Alabama homeless veterans: Larry Edwards
Homeless. Veteran. These two words don’t belong together. How could someone who is willing to die for their country wind up on the streets, kicked to the curb after their service?
How many homeless veterans are in Alabama? I want to draw them all – or as many as possible – and let them tell their stories.
According to an AL.com report in 2018 citing the U.S. Department of Housing and Urban Development study, there were 339 homeless veterans in Alabama. Of those, 52 were in the Mobile area. So, it makes sense to start locally.
Those numbers are in flux, of course. Thanks to organizations like Housing First, since last July 151 homeless veterans in the Mobile and Eastern Shore area have been identified and transitioned into apartments.
To kick off this project, we talked with four of these Housing First veterans. We hope their stories will inspire more homeless and formerly homeless veterans to come forward with their stories. (See the video in the story below.)
In the meantime, I’m gonna be searching, listening, learning and sketching.
Born in Blytheville, Arkansas on Sept. 9, 1954
U.S. Army, 101st Airborne Division. Served at Fort Polk, Louisiana, and Fort Campbell, Kentucky.
Larry tells his story:
“My homeless situation brought me closer to God”
“I was born in Arkansas, cotton fields all around my house. There was no wondering what I was gonna do if I stayed there. I wanted to get away and see the WORLD!”
Edwards joined the Army in 1972, hoping to see the world. Instead, “the Army showed me the big ol’ mosquitoes in Louisiana,” he laughs. “We called it Little Vietnam. It was a good training place.”
Edwards was assigned to the M60 machine guns. Fleet and athletic, he was able to run and dart with the heavy weapons. “But it cost me in terms of my ankles, my feet and my knees,” he said. “I ended up having to go to the infirmary. When I did get out of the military it was a service-connected disability.”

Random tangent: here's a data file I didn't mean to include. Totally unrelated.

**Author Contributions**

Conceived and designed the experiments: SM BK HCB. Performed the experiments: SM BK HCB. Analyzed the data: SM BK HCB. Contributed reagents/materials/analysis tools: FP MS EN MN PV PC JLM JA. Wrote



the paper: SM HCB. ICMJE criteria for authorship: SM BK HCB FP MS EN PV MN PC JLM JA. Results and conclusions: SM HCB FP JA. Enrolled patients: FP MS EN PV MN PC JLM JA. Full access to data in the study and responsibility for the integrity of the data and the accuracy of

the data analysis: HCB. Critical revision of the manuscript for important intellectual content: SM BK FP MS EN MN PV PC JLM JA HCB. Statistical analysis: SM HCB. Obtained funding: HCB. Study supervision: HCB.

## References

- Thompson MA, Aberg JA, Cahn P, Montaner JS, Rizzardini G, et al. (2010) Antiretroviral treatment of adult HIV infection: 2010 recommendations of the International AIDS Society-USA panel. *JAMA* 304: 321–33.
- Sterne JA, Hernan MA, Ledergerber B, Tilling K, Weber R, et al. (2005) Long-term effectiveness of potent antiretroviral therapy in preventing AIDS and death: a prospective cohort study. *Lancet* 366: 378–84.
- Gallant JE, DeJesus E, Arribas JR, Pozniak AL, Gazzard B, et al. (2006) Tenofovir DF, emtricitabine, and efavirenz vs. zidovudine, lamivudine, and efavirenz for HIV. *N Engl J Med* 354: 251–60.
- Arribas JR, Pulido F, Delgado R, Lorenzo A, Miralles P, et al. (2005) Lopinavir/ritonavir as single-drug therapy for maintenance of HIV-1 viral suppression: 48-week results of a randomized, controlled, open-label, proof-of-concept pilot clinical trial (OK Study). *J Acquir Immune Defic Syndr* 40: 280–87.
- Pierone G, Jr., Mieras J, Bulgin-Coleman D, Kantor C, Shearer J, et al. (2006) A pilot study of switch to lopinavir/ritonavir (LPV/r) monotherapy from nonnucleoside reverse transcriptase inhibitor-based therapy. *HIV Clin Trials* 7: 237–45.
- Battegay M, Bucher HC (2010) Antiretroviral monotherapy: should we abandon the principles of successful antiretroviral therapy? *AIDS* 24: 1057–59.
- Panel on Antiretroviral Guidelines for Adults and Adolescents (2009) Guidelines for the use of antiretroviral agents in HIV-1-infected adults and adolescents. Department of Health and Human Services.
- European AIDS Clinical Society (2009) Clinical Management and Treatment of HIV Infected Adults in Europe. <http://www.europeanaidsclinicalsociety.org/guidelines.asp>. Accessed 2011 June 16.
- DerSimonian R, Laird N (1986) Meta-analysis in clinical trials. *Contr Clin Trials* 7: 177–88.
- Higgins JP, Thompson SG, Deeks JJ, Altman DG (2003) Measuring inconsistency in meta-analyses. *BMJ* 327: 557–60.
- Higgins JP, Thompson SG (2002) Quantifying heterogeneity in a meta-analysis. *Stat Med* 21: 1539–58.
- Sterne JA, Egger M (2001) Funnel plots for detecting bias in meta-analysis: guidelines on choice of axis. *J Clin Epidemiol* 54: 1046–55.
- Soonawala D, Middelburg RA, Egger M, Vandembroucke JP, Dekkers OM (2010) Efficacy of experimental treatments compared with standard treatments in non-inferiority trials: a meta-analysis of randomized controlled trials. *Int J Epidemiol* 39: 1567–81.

After his service, Edwards went to work driving a forklift for Newlon Metals in Kokomo, Indiana. He retired at 62 and left Indiana for the warm weather of Gulfport, Mississippi. “That’s when things kinda went sour,” he says. “My disability got terminated.”
“My homeless situation brought me closer to God. What happens to me doesn’t matter. How I respond to it makes all the difference.”
“A lot of veterans are committing suicide. There’s depression involved with that – I experienced some of that, too. You go to the VA and let them know about it, and they help as best they can. One of the problems I had was my strong desire for independence,” he grins. “We’re reluctant to reach out for help when we get depressed. It just doesn’t seem like it’s a manly thing to do.”
“Then, there was Housing First – something I wasn’t looking for, didn’t expect. They were able to get me on my feet, get me into an apartment – I was amazed at how fast they did it. I can go to Labor Finders to get work. I can catch the bus to come into town when I need to. I’m very impressed with the service here in Mobile. I’m now in the process of getting my disability back.”
“Being homeless is an isolated experience. A close relationship to God makes all the difference.”
“Is that what you want people to know about you?” I asked.
“It’s what I want people to know about the Lord.”
Mr. Edwards is no longer homeless, but he needs to find work. If you have a job or an opportunity for Larry Edwards, call Housing First (Mobile) @ 251-303-8058 and ask for his case worker.
Do you know of a homeless veteran? Do you know a veteran who is or has been homeless and may be willing to share their story? Send me an email – Jdcrowe@al.com. For homeless housing assistance in Mobile and Baldwin Counties, contact Housing First @ (251)-450-3345. Another option: National Call Center for Homeless Veterans – (877) 424-3838.
Check out more sketches and tributes to veterans by JD Crowe